The basic elements of what affects public confidence are obvious. It’s horrible to be the victim of a crime – its even worse to have to go to court to be called a liar. People need support to be able to go through that. So it’s right as a matter of principle that we really look after victims – but it’s also right as it builds public confidence more generally.
And conversely – a bad experience – a victim who doesn’t understand why the charge is dropped, or a guilty plea to a lesser charge accepted, or who doesn’t understand why the case has been adjourned or who has to wait hours in court without knowing why – will feed into the statistics which show too many vitims who say they’d never report a crime again.
· Secondly, it about the basics of a system which is running smoothly, where people are working together and getting results. I’m very encourged to see the development of the local criminal justice boards – formalising what were already good relations between the agencies in some areas – and creating good relations in others where hitherto people who just got on with the job in their own agency but not worked together.
That’s why a) shortening the time which it takes to bring a young offender to justice b) cutting the number of ineffective trials c) bearing down on discharged committals and bringing more offenders to justice, will feed through to increased public confidence
· Thirdly, it is vital to building and sustaining confidence that we have enough police and prosecutors and modern courts. More police and more prosecutors of course makes a difference. And many of the improvements for victims and witnesses – not to mention jurors and lawyers – depend on the rolling programme of physical improvement in the courts.
· And the new joined up CJS IT will help too. I’m sure that it will help your confidence in the system when you can all securly e-mail each other and exchange documents.
· Your confidence – in yourself, your work and the system as a whole - is crucial to public confidence.
People will not feel more confident in the CJS if they feel if it’s not fair. And there is a perception among black and ethnic minority communities particularly that the system is not fair to them in the way that it should be. That a crime against them will not be taken so seriously, that the won’t get a fair deal if they’re a defendant.
I think progress has been made – there’s been much discussion within the CJS and between the CJS and the black community particularly since the death of Stephen Lawrence. But we’ll never be able fully to banish the perception of unfairness in the CJS unless it mirrors the community it serves.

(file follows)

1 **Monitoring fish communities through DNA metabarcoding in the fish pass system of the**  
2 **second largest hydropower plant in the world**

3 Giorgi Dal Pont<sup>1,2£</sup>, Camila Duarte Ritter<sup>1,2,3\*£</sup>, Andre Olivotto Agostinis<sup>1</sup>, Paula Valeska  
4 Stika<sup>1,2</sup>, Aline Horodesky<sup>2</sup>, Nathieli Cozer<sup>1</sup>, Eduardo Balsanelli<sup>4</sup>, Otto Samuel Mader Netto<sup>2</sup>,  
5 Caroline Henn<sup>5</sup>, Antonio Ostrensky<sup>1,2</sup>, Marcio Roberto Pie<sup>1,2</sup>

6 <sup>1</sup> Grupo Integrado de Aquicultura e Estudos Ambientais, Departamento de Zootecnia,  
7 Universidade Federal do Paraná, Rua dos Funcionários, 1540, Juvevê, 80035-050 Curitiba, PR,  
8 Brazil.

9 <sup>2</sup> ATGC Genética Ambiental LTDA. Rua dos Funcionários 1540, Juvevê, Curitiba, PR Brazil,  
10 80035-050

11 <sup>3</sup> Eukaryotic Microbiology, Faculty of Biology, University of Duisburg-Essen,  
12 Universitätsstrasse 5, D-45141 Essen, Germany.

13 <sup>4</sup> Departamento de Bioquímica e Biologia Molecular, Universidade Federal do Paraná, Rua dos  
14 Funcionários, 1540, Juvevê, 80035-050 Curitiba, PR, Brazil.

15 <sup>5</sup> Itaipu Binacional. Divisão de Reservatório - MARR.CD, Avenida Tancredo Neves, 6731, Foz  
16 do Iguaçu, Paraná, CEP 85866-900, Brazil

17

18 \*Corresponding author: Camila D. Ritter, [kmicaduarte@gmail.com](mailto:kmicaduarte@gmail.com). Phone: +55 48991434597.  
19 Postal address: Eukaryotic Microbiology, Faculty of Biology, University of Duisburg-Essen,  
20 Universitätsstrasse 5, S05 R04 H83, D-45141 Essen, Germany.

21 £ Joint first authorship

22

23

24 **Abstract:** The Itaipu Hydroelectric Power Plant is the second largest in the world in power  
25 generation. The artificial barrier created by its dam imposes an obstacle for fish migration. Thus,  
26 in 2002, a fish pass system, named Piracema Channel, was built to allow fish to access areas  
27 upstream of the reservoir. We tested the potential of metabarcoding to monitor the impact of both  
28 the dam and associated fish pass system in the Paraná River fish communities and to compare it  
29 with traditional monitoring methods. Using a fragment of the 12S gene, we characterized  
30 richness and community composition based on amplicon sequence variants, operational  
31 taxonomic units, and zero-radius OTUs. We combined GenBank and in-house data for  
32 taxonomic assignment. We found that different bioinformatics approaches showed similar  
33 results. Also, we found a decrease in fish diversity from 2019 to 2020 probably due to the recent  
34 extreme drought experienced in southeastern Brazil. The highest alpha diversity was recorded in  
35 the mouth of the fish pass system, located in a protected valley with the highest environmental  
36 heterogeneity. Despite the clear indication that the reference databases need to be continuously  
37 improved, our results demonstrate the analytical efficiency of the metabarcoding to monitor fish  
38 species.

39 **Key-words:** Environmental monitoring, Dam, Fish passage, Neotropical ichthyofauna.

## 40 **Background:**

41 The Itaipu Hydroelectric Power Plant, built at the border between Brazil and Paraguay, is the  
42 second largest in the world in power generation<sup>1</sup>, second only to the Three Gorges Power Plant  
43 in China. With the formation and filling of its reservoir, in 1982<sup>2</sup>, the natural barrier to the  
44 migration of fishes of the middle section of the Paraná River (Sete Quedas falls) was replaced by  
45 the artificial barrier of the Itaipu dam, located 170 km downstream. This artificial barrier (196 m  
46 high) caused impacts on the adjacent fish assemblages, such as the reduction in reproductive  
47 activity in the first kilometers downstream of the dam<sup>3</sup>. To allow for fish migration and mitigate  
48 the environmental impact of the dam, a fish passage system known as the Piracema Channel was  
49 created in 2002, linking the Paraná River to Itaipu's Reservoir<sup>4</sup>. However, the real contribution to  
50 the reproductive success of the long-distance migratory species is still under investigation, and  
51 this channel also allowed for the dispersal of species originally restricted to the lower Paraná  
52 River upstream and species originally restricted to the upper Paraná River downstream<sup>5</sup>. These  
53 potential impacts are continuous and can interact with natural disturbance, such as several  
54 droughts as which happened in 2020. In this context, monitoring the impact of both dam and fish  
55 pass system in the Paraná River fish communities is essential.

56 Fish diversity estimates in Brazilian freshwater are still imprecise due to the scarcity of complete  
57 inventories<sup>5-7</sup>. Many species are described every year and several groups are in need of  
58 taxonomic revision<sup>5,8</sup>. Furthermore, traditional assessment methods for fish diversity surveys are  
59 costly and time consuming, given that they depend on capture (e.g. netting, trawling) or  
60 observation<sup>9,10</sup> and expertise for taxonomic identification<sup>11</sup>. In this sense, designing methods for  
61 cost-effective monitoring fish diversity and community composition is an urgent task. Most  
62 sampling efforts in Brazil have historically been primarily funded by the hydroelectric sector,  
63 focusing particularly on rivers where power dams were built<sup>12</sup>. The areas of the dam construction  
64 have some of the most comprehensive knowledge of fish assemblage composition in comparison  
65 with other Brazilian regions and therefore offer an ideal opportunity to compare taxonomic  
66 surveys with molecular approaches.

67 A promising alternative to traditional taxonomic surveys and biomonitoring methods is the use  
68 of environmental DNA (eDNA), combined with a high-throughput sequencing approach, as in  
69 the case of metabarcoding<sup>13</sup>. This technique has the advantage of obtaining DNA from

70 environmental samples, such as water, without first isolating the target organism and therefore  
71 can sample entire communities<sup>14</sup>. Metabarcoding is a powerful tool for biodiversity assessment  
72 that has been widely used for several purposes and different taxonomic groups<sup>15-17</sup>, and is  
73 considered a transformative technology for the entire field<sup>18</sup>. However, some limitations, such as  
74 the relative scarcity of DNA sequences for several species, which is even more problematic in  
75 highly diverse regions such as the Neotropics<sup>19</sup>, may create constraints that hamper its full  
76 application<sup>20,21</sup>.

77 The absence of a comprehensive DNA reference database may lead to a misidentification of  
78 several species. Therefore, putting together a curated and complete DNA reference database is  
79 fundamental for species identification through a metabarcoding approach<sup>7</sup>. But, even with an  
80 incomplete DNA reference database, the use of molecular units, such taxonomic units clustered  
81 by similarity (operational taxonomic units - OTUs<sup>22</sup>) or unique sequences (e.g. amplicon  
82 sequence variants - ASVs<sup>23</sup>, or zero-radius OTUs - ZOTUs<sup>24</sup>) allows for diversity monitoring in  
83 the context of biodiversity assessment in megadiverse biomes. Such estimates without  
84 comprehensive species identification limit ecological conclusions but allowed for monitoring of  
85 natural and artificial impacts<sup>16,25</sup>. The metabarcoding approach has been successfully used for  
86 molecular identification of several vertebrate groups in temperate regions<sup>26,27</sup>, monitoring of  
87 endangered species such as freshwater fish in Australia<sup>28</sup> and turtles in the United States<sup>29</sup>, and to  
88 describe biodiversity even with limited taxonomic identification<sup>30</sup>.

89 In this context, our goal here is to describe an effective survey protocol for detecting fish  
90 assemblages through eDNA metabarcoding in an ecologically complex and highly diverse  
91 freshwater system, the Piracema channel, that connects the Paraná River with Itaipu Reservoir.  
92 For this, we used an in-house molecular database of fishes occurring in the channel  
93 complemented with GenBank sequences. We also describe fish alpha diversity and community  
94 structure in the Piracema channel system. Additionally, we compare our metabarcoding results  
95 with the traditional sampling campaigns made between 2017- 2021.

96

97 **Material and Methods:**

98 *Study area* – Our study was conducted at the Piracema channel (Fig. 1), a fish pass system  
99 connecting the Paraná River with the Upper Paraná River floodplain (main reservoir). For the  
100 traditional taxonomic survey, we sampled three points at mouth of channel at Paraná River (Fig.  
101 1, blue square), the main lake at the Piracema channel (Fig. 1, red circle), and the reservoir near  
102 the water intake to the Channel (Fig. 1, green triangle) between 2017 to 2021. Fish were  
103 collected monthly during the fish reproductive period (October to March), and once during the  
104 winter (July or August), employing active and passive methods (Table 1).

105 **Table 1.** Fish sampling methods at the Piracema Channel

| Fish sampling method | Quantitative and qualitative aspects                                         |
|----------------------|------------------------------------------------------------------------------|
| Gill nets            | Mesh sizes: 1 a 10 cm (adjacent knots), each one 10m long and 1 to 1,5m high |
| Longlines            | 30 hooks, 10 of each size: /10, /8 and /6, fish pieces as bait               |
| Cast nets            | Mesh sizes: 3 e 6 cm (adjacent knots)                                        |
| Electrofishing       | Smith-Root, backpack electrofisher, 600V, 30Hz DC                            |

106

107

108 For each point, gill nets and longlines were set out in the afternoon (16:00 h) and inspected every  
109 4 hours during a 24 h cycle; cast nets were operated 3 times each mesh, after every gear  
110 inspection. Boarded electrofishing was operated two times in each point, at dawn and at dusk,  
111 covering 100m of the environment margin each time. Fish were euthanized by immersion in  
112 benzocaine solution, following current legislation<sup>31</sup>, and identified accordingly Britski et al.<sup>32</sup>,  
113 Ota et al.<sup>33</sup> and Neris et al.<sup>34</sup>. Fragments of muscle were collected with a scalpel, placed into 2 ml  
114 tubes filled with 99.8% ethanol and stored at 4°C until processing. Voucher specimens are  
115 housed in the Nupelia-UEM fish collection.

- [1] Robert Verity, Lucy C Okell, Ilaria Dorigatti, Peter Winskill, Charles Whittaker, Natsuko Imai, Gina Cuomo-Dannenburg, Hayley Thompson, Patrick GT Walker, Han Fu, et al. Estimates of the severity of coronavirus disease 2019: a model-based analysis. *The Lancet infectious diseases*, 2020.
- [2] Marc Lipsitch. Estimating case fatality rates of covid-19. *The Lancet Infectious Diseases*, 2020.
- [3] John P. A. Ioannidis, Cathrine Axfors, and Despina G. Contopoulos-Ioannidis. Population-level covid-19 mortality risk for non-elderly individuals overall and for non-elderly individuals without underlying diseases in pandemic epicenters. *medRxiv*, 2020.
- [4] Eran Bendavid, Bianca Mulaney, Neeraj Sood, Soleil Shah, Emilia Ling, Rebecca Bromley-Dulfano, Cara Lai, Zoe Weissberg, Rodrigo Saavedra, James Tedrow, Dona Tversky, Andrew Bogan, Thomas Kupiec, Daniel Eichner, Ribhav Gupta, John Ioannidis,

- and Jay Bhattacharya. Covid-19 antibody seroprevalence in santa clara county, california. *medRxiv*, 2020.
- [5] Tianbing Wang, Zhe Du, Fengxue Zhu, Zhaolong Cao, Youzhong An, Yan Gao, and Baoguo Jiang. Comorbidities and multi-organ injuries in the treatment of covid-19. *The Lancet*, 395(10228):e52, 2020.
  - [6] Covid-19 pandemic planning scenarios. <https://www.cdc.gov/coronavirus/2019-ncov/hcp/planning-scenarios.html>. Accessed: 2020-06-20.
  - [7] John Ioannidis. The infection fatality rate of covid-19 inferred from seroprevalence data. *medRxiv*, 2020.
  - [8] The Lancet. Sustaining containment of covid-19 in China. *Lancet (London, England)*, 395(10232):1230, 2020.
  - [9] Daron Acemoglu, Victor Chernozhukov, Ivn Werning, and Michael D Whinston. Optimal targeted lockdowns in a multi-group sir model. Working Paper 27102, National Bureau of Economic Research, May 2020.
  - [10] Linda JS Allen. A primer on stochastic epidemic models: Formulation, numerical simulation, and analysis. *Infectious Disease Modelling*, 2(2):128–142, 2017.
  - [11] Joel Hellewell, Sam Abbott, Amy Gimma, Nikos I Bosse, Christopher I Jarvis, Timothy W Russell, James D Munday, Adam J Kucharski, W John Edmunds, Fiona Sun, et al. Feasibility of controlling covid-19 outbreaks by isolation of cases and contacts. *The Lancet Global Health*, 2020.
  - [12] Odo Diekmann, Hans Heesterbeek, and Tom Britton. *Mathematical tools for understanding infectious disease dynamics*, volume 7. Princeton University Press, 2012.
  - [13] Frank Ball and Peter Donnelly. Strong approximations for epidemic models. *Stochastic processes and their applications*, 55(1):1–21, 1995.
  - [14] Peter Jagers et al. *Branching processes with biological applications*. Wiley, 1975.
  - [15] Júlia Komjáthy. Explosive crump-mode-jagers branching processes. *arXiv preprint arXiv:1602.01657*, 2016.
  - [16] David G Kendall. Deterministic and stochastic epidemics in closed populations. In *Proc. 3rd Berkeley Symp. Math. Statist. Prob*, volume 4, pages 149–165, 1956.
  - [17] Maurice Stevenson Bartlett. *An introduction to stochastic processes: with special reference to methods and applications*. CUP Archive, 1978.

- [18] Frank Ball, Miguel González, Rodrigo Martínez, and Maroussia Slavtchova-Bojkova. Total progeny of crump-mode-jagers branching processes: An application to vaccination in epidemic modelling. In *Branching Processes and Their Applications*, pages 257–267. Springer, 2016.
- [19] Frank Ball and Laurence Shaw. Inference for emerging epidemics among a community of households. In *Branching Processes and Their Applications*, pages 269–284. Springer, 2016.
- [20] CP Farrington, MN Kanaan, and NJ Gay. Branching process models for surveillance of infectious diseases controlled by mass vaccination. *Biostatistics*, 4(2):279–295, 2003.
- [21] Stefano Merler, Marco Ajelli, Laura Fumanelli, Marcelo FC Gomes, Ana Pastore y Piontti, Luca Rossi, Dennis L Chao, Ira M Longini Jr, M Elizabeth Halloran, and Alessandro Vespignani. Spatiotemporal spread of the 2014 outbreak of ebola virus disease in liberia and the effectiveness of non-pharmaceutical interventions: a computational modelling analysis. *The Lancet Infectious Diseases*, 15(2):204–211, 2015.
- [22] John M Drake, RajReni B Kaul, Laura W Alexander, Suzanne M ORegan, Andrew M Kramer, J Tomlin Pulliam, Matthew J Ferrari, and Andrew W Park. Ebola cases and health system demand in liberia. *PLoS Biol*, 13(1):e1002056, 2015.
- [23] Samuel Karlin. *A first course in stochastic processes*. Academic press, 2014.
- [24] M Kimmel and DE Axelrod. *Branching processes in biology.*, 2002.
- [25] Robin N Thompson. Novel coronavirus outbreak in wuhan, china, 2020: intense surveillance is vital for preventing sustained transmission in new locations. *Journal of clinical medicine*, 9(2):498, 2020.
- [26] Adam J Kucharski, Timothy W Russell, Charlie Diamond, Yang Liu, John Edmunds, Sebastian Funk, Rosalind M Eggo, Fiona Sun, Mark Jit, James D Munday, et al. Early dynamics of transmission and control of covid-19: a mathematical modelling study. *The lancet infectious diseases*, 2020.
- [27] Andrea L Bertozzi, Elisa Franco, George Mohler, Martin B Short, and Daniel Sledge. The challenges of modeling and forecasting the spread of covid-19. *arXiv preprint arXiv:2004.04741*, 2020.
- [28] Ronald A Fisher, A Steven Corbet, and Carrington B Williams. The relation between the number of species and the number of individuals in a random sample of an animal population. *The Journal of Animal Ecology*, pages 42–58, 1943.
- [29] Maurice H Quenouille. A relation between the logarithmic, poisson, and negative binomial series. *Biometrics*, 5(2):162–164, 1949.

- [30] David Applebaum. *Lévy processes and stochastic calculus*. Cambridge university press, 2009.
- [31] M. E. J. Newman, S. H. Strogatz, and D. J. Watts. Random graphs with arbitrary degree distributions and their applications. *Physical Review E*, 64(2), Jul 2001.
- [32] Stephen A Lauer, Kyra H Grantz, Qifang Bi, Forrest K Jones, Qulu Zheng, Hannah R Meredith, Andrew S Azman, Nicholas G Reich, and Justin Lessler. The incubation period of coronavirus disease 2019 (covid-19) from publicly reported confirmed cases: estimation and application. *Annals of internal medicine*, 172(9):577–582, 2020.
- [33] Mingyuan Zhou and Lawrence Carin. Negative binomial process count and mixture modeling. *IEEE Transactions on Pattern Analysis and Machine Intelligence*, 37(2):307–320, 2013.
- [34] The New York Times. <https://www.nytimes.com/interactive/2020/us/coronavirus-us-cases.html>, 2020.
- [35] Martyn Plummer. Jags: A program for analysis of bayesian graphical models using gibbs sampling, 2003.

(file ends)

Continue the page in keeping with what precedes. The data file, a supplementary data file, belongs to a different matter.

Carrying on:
So we need to have more police from the ethnic minorities. We must ensure that the many black lawyers in the CPS move into senior positions. And we need more black judges and magistrates.
That’s why I’m very pleased with the CPS law scholarship programme which will sponsor admin and clerical staff who want to qualify as lawyers. That is right in terms of staff development – but it will also enable many of our black and ethnic minority clerical staff to become lawyers and ultimately, I hope, judges.
· The final point I’d like to make about building public confidence is about community engagement. People know very little about how the CJS works – I’ve seen that in my own constituency. Community organisations, special interest groups, tenants and residents associations are, I have found, really keen to hear about your work and if they know you, to give you benefit of the doubt before they jump to the conclusion that a mistake has been made. So I know that you are all very busy – but engaging with groups in your local community – in the way that the police routinely do – is important for all in the CJS.
So thank you for all the work you are already doing. Good luck with your future efforts. I hope you have a productive day today and useful discussions.
We aren’t just asking you to work in closer partnership with each other – we’re really doing it ourselves working together as ministers collectively – trying to get past the traditional departmental boundaries. And partnership for me is no hardhsip when it means working with my good friend and colleagues Pat Scotland and Chris Leslie – and first I’ll hand you over to Pat.